The story begins with the visit to an uncle who is ailing in Belgium. Jane the narrator of this story is just a little girl but one with who is super sensitive. Having grown up in a very closed circle of just her mother and father who seemed to need no other at all, even Jane (feeling excluded at times) has a distaste not knowing really why for her Aunt Dolly.
The main character Dolly is intense and superficial, seemingly close to those around her but always with an eye to the main chance and judges people solely out of what she can get out of them. She cultivates Henrietta (Jane's mother) playing on her simplicity almost naivety to get a monthly stipend and continues to do so with Jane after her mother's death.
The book for me was strange - Dolly was the main character it is true but at the same time so many others - Jane, Henrietta, Miss Lawlor the housekeeper, and Hugo in turns become very important to the story and become at that stage of the book a leading character while Dolly recedes into the background. However, like a bad penny she always pops up again leaving a sense of uneasiness behind. You know when she does come in that an unhappy scene is about to played about you - Dolly cannot help this. Her character is so flawed that she does not show well.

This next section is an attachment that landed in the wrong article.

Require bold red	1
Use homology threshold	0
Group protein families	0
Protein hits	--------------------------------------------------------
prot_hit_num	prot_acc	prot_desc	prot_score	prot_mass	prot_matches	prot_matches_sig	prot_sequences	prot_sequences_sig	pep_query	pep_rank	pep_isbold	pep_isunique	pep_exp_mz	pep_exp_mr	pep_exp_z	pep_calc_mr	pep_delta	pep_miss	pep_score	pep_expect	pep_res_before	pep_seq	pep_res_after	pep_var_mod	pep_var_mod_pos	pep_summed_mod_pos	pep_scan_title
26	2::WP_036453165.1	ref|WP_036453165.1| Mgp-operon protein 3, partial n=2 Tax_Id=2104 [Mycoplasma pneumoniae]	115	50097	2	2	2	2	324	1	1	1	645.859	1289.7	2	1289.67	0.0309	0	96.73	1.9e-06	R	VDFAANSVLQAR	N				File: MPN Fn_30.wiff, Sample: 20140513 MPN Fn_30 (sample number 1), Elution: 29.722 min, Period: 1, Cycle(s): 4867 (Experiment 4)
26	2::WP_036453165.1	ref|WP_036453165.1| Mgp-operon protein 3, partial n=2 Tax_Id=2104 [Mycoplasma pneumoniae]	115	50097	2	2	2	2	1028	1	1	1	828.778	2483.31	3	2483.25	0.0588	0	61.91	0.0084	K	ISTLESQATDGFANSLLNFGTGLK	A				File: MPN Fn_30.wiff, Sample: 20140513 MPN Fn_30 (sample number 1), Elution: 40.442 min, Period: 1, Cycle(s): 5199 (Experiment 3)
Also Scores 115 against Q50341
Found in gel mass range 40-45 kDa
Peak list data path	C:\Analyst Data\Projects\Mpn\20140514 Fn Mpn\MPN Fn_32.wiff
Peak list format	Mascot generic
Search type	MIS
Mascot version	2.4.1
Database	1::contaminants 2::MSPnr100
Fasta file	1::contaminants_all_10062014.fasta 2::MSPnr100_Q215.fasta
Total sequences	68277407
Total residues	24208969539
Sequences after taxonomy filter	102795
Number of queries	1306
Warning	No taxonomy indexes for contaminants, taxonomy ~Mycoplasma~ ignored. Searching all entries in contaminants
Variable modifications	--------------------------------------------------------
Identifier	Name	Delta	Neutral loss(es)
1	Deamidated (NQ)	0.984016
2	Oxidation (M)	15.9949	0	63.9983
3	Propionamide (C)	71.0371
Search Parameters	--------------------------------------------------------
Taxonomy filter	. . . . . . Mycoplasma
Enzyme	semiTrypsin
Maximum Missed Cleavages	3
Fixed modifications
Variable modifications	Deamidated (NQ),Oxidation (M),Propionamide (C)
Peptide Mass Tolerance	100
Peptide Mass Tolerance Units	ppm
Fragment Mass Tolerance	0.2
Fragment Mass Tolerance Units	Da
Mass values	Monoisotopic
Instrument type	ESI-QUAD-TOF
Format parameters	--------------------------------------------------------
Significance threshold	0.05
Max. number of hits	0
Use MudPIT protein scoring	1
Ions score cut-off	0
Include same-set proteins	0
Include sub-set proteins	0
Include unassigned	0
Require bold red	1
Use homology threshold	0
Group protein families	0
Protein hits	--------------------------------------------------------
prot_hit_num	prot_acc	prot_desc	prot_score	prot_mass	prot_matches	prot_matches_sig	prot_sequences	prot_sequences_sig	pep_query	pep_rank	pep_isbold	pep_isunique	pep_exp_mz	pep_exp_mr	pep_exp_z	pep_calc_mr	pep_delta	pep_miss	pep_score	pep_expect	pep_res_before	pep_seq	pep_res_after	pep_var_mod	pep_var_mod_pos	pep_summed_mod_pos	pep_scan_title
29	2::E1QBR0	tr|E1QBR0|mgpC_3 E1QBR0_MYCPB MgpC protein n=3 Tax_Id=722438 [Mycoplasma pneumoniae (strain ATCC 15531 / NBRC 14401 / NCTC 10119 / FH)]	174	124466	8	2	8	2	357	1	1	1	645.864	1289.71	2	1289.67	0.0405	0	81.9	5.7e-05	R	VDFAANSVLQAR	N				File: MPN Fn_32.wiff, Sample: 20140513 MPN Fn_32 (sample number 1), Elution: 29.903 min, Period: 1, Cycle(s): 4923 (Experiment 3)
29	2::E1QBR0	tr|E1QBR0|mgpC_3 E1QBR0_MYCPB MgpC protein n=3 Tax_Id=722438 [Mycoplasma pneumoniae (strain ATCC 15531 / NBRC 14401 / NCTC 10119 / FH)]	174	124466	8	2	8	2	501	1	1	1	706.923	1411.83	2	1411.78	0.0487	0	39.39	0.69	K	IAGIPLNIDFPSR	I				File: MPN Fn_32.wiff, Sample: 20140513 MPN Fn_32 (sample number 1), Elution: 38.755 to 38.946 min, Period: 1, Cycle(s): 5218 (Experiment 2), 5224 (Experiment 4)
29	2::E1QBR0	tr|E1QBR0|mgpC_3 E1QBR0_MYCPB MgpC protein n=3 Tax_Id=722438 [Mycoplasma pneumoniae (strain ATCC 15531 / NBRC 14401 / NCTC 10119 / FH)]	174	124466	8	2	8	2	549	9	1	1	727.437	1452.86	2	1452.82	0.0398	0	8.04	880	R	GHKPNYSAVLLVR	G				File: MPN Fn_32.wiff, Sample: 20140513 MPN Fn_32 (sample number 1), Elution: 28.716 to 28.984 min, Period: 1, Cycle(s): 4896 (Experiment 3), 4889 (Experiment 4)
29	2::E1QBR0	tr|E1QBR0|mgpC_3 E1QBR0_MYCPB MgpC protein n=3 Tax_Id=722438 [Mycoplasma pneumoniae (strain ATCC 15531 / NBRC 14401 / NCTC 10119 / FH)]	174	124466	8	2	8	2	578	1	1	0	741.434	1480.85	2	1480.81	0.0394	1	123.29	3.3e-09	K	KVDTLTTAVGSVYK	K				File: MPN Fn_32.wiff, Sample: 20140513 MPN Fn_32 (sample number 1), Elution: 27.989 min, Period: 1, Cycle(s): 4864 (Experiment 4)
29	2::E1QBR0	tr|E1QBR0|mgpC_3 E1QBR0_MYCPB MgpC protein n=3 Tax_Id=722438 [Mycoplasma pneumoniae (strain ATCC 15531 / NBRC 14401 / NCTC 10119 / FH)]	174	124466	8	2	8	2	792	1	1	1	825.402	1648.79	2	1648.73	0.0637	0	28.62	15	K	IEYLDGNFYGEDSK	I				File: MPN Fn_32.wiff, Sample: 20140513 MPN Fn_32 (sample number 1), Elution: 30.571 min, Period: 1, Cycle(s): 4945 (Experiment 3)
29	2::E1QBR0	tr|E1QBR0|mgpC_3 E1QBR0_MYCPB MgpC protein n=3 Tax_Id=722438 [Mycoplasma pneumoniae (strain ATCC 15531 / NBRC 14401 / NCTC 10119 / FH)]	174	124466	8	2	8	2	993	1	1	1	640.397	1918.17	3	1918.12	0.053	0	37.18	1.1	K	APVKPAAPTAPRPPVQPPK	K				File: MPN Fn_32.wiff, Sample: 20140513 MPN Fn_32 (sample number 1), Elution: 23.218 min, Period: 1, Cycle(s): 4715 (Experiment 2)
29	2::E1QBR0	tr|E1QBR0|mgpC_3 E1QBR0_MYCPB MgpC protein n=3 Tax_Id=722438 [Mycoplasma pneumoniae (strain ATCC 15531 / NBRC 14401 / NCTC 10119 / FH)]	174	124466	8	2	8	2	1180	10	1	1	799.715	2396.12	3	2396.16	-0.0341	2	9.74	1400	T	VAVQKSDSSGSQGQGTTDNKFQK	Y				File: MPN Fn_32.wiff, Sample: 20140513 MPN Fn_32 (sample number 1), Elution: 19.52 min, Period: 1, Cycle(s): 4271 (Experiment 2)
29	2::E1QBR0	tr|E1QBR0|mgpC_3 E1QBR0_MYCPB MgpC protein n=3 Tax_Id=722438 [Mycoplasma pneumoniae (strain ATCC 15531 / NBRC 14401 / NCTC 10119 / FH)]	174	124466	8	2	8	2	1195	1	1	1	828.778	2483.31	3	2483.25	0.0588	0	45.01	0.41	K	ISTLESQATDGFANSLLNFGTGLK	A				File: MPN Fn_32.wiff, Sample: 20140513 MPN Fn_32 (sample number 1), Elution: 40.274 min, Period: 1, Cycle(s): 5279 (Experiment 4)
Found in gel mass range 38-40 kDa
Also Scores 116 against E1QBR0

Jane on the other hand seems so resigned to everything that happens around her - apathy at its height almost that you want to shake her. You want to ask her whether at eighteen she does not want to do anything with some fervor. Whether she could let everyone make decisions for her, walk over her and she just seems to fade into the background as it were. This is what makes Dolly look so powerful and intriguing.
The book was a good read, beautifully written at all times but not one which I liked!!! I sound contradictory and I know it but there is no other way to put it. This was my first read of Anita Brookner - it certainly would not be my last.